December 10, 2018 – Child Rights Network (CRN), the largest alliance of organizations and agencies pushing for children’s rights legislation in the Philippines, is firm in its position that military training cannot be mandatory for children below 18 years old. In the same vein, CRN opposes moves to introduce mandatory courses on Reserve Officers’ Training Corps (ROTC) in senior high school, and even in college, through either legislation or the issuance of an executive order.
To revive mandatory ROTC is to backtrack on various developments that have taken years to come into fruition.
We would like to remind the Philippine government and our legislators on the death of University of Santo Tomas student Mark Welson Chua in March 2001, which catalyzed the passage of the National Service Training Program (NSTP) Act, which has made participation to the ROTC optional. Chua was allegedly killed by his ROTC advisers whom he reportedly exposed for mismanagement of funds.
Making ROTC mandatory again may expose students to the corruption and physical abuse that led to the abolition of the course years ago.
Undermining past commitments and existing laws
To introduce mandatory military training for senior high school students aged 16 to below 18 is tantamount to reneging in past international commitments on the protection of children from compulsory recruitment into the armed forces.
As a State Party to the UN Convention on the Rights of the Child (UNCRC), the Philippines has a legal and moral obligation to promote and enact policies that place utmost importance to the best interest of the child. In 2008, the United Nations Committee on the Rights of the Child told the Philippine Government that military training for high school students “promotes militarism and is contrary to the peacebuilding education of the State party and to the spirit of the Optional Protocol [on children situated in armed conflict].” The Committee further recommended “the abolition of military content from the training, and to promote instead the values of peace and respect for human rights within the education system.”
Introducing mandatory ROTC is also incongruent with existing national and international laws.
Using campuses for military training and, for some campuses the provision of a barracks, is inconsistent with Rules 22-24 of the International Humanitarian Law and other treaties that restrict the use of schools for military purposes.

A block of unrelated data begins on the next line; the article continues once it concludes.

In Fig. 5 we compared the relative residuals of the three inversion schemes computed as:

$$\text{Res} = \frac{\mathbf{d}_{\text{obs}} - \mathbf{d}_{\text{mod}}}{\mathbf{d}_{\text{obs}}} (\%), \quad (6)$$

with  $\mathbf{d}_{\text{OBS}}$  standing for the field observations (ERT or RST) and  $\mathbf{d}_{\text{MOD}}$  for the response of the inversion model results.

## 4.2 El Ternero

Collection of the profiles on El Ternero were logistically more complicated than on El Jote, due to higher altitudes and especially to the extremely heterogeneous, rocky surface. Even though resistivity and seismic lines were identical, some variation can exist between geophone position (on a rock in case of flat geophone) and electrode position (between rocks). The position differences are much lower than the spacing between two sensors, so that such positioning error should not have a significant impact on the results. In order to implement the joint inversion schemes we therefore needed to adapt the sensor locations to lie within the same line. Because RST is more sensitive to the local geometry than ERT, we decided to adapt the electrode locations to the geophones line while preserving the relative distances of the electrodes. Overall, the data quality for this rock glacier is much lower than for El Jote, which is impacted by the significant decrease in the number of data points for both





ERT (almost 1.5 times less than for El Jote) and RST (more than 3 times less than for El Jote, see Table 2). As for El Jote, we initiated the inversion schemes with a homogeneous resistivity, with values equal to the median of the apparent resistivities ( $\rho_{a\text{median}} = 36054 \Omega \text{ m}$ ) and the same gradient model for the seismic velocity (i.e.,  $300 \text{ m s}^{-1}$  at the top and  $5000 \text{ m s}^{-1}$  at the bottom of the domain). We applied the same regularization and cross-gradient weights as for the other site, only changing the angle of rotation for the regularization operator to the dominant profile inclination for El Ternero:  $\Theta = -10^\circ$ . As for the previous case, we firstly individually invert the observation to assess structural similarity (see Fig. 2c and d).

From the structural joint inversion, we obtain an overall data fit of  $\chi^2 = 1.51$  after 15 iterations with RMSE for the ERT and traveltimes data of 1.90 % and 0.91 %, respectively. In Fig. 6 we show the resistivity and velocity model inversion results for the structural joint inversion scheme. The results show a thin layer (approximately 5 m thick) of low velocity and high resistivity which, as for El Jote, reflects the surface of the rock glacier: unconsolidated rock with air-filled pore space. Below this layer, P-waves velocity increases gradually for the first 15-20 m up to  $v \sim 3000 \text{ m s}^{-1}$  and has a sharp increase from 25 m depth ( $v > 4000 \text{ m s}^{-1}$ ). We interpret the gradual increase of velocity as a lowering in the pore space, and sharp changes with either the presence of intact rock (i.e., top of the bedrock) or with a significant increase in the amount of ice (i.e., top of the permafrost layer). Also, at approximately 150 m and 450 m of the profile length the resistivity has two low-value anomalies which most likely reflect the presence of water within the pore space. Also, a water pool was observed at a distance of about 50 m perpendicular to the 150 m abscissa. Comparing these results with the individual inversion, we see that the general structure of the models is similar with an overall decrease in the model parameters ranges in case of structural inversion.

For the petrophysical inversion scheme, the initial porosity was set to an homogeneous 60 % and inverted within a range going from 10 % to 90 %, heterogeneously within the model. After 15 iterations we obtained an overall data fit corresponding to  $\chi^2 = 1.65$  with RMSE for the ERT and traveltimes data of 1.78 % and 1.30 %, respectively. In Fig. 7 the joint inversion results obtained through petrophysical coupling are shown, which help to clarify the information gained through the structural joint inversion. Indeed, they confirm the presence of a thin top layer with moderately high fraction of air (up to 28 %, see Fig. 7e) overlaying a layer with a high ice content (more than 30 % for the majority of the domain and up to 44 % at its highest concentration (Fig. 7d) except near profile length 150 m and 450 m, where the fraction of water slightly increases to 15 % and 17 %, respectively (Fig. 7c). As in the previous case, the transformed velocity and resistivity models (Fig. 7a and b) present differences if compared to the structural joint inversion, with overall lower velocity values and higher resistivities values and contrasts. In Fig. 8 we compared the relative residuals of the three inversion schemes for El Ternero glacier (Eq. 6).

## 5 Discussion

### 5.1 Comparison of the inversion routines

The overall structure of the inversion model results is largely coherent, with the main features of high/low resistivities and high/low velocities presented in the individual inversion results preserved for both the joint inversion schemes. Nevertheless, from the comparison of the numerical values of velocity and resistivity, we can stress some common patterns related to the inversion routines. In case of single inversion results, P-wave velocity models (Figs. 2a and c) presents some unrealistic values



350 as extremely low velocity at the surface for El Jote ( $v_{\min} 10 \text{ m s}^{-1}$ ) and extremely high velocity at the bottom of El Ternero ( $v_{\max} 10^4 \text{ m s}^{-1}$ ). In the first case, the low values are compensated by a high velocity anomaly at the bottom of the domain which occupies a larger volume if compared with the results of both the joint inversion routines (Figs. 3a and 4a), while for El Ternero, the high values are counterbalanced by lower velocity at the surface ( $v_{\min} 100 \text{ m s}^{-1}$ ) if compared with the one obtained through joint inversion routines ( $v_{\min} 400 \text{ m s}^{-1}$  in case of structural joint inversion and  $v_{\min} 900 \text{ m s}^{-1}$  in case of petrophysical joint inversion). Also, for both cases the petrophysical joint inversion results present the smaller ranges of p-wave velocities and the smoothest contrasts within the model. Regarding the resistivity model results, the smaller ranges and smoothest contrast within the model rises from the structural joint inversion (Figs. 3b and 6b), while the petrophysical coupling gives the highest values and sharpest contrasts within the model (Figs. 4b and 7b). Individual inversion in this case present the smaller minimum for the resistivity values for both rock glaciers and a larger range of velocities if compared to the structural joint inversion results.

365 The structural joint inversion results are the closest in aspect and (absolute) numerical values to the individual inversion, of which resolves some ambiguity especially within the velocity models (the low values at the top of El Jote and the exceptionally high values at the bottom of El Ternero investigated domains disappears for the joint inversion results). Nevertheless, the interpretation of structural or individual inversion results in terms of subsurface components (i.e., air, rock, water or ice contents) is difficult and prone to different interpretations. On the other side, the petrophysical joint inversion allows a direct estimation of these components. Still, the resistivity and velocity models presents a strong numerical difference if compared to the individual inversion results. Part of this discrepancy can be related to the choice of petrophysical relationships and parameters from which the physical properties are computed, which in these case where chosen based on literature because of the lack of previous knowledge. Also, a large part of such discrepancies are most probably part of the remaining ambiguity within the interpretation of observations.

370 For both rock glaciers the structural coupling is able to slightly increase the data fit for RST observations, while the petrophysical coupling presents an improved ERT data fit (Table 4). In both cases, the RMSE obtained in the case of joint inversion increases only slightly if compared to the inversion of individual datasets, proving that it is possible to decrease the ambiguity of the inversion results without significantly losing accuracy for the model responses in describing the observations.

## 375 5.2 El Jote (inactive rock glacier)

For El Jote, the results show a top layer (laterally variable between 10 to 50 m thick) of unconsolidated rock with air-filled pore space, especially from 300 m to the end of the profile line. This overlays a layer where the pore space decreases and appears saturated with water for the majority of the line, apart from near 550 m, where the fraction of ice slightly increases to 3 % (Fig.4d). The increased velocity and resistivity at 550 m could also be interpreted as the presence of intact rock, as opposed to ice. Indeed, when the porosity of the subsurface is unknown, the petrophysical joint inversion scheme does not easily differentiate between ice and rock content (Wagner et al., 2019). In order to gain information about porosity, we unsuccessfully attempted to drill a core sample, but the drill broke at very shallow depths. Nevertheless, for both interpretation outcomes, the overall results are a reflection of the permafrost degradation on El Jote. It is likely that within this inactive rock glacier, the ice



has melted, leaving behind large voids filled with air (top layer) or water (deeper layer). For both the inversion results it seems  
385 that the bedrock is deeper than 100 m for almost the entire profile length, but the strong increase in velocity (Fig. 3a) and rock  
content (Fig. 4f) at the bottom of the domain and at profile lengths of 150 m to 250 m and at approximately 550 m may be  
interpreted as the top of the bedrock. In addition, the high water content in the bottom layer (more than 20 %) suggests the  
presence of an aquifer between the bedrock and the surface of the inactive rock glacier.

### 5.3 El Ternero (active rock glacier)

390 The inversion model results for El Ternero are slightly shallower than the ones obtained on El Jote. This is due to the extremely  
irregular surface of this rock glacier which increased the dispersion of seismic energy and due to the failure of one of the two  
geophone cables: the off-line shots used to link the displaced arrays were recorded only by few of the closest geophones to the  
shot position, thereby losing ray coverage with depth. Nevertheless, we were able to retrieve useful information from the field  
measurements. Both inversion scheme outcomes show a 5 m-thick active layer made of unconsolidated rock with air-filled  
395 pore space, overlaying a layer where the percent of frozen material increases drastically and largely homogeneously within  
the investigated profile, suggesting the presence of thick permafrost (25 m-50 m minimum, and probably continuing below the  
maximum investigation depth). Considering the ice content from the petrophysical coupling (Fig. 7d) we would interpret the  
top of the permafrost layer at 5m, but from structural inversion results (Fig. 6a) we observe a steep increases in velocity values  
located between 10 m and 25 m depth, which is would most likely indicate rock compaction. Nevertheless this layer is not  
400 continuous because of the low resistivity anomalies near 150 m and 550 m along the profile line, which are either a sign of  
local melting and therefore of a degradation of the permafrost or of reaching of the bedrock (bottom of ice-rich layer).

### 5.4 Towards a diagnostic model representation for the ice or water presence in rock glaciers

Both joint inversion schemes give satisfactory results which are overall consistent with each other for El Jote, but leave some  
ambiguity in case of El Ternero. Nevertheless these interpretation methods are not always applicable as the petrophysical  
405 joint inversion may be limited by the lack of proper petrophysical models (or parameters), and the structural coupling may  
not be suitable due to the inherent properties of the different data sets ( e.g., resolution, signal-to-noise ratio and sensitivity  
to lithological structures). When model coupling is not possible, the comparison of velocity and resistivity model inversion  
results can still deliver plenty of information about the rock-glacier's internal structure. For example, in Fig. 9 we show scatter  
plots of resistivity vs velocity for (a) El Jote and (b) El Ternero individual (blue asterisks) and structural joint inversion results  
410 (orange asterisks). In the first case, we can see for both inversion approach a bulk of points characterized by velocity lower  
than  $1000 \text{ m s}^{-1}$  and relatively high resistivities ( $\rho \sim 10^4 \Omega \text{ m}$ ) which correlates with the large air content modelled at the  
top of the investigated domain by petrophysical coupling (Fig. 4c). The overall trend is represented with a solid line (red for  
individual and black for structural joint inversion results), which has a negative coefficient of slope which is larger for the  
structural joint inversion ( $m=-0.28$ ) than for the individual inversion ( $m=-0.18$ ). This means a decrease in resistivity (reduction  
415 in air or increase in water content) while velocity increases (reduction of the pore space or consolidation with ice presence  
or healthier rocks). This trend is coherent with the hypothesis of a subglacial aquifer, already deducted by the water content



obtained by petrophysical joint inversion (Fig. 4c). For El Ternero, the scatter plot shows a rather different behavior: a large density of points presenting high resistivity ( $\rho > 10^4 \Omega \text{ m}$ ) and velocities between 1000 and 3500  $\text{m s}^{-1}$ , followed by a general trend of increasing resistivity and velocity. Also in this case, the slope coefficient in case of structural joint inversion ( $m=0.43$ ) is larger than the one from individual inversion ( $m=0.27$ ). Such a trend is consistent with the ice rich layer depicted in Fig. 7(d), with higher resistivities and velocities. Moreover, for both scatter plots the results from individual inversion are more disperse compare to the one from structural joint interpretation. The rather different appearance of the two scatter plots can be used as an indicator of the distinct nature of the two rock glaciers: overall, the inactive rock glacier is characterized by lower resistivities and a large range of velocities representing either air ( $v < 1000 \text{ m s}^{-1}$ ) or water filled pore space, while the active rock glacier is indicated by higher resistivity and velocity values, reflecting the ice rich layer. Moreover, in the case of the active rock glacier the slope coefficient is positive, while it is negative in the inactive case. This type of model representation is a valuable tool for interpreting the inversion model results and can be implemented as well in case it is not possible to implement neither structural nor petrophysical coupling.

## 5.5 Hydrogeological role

Republic Act 7610 or the Special Protection of Children Against Abuse, Exploitation and Discrimination Act also states that “public infrastructure such as schools, hospitals, and rural health units shall not be utilized for military purposes such as command posts, barracks, detachments, and supply depots.” Article X, Section 22(b) of the same law specifically prohibits the recruitment/use of children in armed conflict. It states, “Children shall not be recruited to become members of the Armed Forces of the Philippines or its civilian units or other armed groups, not they be allowed to take part in the fighting or used as guides, couriers, or spies.”
Undermining children’s rights
CRN also fears that the proposed scope on the revised ROTC will gravely undermine children’s basic human rights, safety, and security. The contents of proposals to revive ROTC are wider than the original military training as it includes marksmanship training and weapons orientation. This proves to be problematic in the Philippines, where the proliferation and use of small and light weapons lead to death and injury of children and adults. Likewise, training on handling weapons at a young age further legitimizes the use of violence to resolve conflict, especially in the community. Increased military presence in schools for the delivery of ROTC also put children at unnecessary risk of becoming target for attack by armed groups.
Introducing a militarist course in senior high school, at a time when students are at the height of their adolescence period, may also make them vulnerable to developing various risk behaviors sensitive to adverse and negative experiences that could impact them throughout their lifetime.
Review the NSTP Act instead
Instead of pushing for this dangerous move that will indubitably trample upon children’s rights, we recommend that the government review the NSTP Act and see how it can improve what is actually an already good law that adheres to international obligations, where military training for college students is voluntary, not mandatory. Expanding offerings that put premium on serving the community, the less fortunate, the poor, and the marginalized—and not militarism for children—is what instils true patriotism.
Instead of instilling militarist lessons on children, we urge the government to again follow UNCRC’s recommendation in 2008 for the state “to develop and implement training programmes and campaign to promote the values of peace and respect for human rights and include the subject of peace education and human rights as a fundamental subject in the education system.” ###
About Child Rights Network
Child Rights Network(CRN) is the largest alliance of organizations and agencies pushing for children’s rights legislation in the Philippines. CRN has a membership of 46 organizations across Luzon, Visayas, and Mindanao.
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Child Rights Network